Newborn Sleeping

Most newborns sleep a minimum of about 16 hours a day. Unfortunately, they rarely sleep for more than two or three hours at a stretch. The most frustrating part of this for parents is when it happens at night -- although you might get as much as four straight hours of sleep in. This cat nap sleep schedule is essential for newborns, with their small stomachs that require refills every two to four hours. For new parents, however, this can be exhausting and leave you desperate for sleep. Sleeping when Baby sleeps is a great way to get a few naps in, but it just isn’t the same as a solid night of unbroken sleep. Working with your newborn to create a good schedule is possible, although it might take some work (and a few months of sticking with it). Here are a few tips for getting your newborn -- and yourself -- some sleep.

Create an Optimal Sleep Environment

Creating a good environment for sleep will make it easier to get her back to sleep quickly after a feeding or changing. White noise, like a fan or a recording of the ocean, can help encourage sleep. When it’s time to eat, keep lights dim. Try using a nightlight to avoid bright lights that fairly scream “wake up and stay up!” Stay quiet to give Baby the idea that nighttime is for sleeping, not socializing. If you hear her whimpering in the night, and it isn’t feeding time yet, wait a minute before rushing in. She may just be wiggling around before falling back asleep. Similarly, daytime naps can occur in the same place, although some experts suggest not trying to stay as quiet as possible. This can help your little one get used to background noise and learn to sleep through it, rather than waking up at the slightest sound.

Start a Solid Routine

When it comes to a bedtime routine, it’s never too early to start one. Providing plenty of stimulation during the day contrasted with a calm, quiet environment during the night will help clarify the difference in play time and sleep time. About an hour before bedtime, start emphasizing that peaceful atmosphere. A warm bath can be soothing for some babies, although it riles others up. Reading stories and singing quiet songs are great ways to get Baby ready to snooze. Whatever getting-ready-for-bed-routine you decide on, make sure to keep it relatively regular every night. If your “schedule” is pajamas, then a story, cleaning his gums, a song with a bottle, and then lights out, make sure to stick to it every night (when possible).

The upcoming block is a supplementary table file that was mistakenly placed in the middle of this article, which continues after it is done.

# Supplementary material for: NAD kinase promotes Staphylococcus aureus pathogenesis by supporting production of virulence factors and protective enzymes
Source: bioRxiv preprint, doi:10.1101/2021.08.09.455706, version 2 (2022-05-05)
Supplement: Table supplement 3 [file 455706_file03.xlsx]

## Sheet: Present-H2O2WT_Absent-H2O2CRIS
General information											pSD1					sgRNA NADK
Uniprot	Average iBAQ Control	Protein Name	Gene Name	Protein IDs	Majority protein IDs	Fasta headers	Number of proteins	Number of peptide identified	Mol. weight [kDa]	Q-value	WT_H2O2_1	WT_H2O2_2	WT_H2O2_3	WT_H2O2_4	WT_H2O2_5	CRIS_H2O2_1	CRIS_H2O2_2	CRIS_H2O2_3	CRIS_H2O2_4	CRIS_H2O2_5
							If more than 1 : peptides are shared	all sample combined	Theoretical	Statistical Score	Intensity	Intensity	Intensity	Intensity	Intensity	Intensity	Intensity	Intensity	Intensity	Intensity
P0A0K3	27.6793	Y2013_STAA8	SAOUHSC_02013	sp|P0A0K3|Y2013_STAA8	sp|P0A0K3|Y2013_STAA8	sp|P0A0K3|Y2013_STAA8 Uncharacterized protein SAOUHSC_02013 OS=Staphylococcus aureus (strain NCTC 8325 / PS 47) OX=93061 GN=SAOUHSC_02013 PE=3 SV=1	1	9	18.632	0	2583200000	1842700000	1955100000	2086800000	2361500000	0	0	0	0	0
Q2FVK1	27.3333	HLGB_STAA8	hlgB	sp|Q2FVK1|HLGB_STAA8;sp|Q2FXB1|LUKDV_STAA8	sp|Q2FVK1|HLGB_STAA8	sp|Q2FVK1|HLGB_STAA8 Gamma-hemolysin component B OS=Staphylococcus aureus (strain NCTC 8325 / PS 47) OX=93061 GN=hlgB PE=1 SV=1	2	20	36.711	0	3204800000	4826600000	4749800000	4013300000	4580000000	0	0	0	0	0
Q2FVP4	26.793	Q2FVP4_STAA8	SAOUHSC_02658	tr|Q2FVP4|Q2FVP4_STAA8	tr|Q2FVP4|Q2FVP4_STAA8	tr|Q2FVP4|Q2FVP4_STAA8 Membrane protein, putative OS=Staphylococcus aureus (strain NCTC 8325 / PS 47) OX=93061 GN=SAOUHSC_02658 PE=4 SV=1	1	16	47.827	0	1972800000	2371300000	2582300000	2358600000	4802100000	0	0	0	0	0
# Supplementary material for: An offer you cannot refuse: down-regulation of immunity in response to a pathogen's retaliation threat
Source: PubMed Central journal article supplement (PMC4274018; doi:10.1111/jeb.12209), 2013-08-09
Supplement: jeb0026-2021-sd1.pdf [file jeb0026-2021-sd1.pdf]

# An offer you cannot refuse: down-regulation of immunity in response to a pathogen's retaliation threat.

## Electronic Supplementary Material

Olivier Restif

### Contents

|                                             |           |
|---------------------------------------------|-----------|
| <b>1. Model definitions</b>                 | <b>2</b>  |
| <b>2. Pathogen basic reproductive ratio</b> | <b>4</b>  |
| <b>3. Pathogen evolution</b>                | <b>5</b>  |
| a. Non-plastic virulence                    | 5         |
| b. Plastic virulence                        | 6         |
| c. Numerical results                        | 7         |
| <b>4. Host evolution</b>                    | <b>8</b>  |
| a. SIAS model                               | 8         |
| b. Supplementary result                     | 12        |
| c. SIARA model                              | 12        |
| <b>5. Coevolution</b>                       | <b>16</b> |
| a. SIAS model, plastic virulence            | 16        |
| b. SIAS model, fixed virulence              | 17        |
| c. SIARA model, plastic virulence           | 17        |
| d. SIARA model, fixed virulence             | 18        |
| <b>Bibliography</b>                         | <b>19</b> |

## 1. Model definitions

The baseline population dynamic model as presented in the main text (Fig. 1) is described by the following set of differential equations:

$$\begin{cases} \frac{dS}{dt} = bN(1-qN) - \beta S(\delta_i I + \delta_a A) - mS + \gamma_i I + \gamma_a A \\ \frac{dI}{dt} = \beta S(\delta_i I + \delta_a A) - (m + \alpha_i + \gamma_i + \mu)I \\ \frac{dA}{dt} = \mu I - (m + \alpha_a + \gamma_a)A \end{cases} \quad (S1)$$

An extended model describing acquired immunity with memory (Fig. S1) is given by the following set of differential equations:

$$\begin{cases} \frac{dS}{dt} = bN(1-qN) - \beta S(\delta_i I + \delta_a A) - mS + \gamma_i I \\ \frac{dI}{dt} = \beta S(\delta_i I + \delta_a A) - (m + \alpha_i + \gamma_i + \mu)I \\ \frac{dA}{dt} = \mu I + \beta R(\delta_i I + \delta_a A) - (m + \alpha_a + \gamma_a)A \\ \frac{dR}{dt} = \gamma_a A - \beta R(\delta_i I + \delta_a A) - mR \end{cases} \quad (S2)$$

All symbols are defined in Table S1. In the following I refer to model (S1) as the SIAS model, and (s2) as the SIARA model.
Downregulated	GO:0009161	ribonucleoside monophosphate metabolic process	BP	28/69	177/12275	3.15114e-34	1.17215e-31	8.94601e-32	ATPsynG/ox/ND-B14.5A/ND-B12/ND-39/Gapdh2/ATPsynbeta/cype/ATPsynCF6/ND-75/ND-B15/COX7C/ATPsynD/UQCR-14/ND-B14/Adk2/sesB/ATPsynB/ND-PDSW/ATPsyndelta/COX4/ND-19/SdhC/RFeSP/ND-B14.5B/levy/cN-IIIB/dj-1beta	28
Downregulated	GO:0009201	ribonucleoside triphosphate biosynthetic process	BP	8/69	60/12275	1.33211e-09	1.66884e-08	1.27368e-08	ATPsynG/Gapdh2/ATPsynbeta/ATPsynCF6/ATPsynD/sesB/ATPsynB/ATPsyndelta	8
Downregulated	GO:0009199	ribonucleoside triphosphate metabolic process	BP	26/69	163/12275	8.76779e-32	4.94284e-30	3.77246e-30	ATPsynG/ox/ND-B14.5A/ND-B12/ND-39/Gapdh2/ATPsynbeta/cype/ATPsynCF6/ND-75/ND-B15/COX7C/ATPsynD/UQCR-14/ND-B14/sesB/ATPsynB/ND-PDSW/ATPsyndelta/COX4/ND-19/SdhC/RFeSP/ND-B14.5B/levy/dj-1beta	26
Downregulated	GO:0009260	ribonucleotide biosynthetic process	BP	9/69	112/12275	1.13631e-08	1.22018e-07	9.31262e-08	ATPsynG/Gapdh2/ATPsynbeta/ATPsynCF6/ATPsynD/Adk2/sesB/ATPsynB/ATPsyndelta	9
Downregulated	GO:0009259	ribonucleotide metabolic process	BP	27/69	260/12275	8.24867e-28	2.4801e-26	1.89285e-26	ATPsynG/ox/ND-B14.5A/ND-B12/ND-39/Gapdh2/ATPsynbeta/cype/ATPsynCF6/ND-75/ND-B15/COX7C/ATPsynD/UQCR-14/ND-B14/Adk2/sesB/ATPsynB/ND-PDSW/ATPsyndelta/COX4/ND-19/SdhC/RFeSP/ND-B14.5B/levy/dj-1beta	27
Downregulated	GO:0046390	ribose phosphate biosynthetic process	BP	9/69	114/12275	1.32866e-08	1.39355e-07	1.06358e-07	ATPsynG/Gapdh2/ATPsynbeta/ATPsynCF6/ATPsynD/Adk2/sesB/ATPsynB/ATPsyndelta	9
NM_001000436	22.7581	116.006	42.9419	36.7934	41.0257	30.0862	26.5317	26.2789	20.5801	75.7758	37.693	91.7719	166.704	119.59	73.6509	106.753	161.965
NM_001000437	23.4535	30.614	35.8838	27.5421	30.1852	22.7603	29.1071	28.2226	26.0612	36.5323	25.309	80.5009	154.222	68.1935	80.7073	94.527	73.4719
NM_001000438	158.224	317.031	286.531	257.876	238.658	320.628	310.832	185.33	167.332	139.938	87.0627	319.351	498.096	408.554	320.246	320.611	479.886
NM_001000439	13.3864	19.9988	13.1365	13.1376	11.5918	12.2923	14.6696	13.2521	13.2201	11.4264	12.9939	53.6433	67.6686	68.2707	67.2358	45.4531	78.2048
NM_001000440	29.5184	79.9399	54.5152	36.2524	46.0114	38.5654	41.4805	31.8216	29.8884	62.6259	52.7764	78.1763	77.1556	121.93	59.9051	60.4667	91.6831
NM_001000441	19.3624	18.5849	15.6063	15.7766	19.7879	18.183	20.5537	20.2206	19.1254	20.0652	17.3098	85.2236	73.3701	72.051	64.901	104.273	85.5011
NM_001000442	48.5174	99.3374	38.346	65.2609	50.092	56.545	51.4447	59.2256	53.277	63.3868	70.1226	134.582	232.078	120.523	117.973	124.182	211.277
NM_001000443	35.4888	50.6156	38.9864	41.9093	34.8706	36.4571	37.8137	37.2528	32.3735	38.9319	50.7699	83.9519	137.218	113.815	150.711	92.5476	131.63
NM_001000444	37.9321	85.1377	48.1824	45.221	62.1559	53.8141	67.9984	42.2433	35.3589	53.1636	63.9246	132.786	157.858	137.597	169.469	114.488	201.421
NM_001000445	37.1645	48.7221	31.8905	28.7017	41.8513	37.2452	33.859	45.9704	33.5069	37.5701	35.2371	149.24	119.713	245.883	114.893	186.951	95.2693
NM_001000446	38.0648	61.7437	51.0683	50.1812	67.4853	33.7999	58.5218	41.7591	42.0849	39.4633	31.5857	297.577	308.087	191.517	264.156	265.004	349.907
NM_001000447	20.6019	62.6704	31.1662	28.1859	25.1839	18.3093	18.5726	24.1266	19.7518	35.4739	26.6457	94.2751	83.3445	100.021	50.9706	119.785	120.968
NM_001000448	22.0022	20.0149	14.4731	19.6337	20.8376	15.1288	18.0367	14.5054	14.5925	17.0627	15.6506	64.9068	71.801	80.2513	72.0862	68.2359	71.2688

Work Baby’s Feeding Schedule Into Her Sleep Schedule

Brand new babies shouldn’t sleep through the night. Although he or she may give it a try, it’s up to you to wake your newborn if she doesn’t wake you. However, how you feed your baby can make all the difference in getting her to sleep at night. Breastfed babies wake at closer intervals than formula fed babies, so bottle babies tend to sleep for longer stretches than nursing babies. This is because formula takes longer to pass through the baby's digestive tract, keeping her full longer. Some parents who breastfeed choose to supplement infant formula before bedtime to encourage the baby to sleep longer at night. In babies older than four months, some parents add infant cereal to the bottle to fill that little stomach a little longer.

Make a Safe and Comfortable Sleep Spot

To prevent SIDS, your baby should be the only thing in his crib. There shouldn't be any pillows, stuffed animals, or fluffy blankets. Swaddling her before sleep in a light blanket (such as a flannel or cotton receiving blanket) can provide womb-like comfort without suffocation or overheating hazards. A safe crib is the best thing you can offer your newborn when it comes to good sleep.

Despite the pure joy of curling up for a nap with your newborn, experts recommend keeping baby in her own crib or bassinet. However, some parents find co-sleeping helps create longer sleep cycles, among other benefits. If you want to try co-sleeping, look for one of the many products that promote this practice safely. Alternatively, putting her bassinet next to your bed offers closeness without the concerns of co-sleeping.

Last Updated: May 09, 2018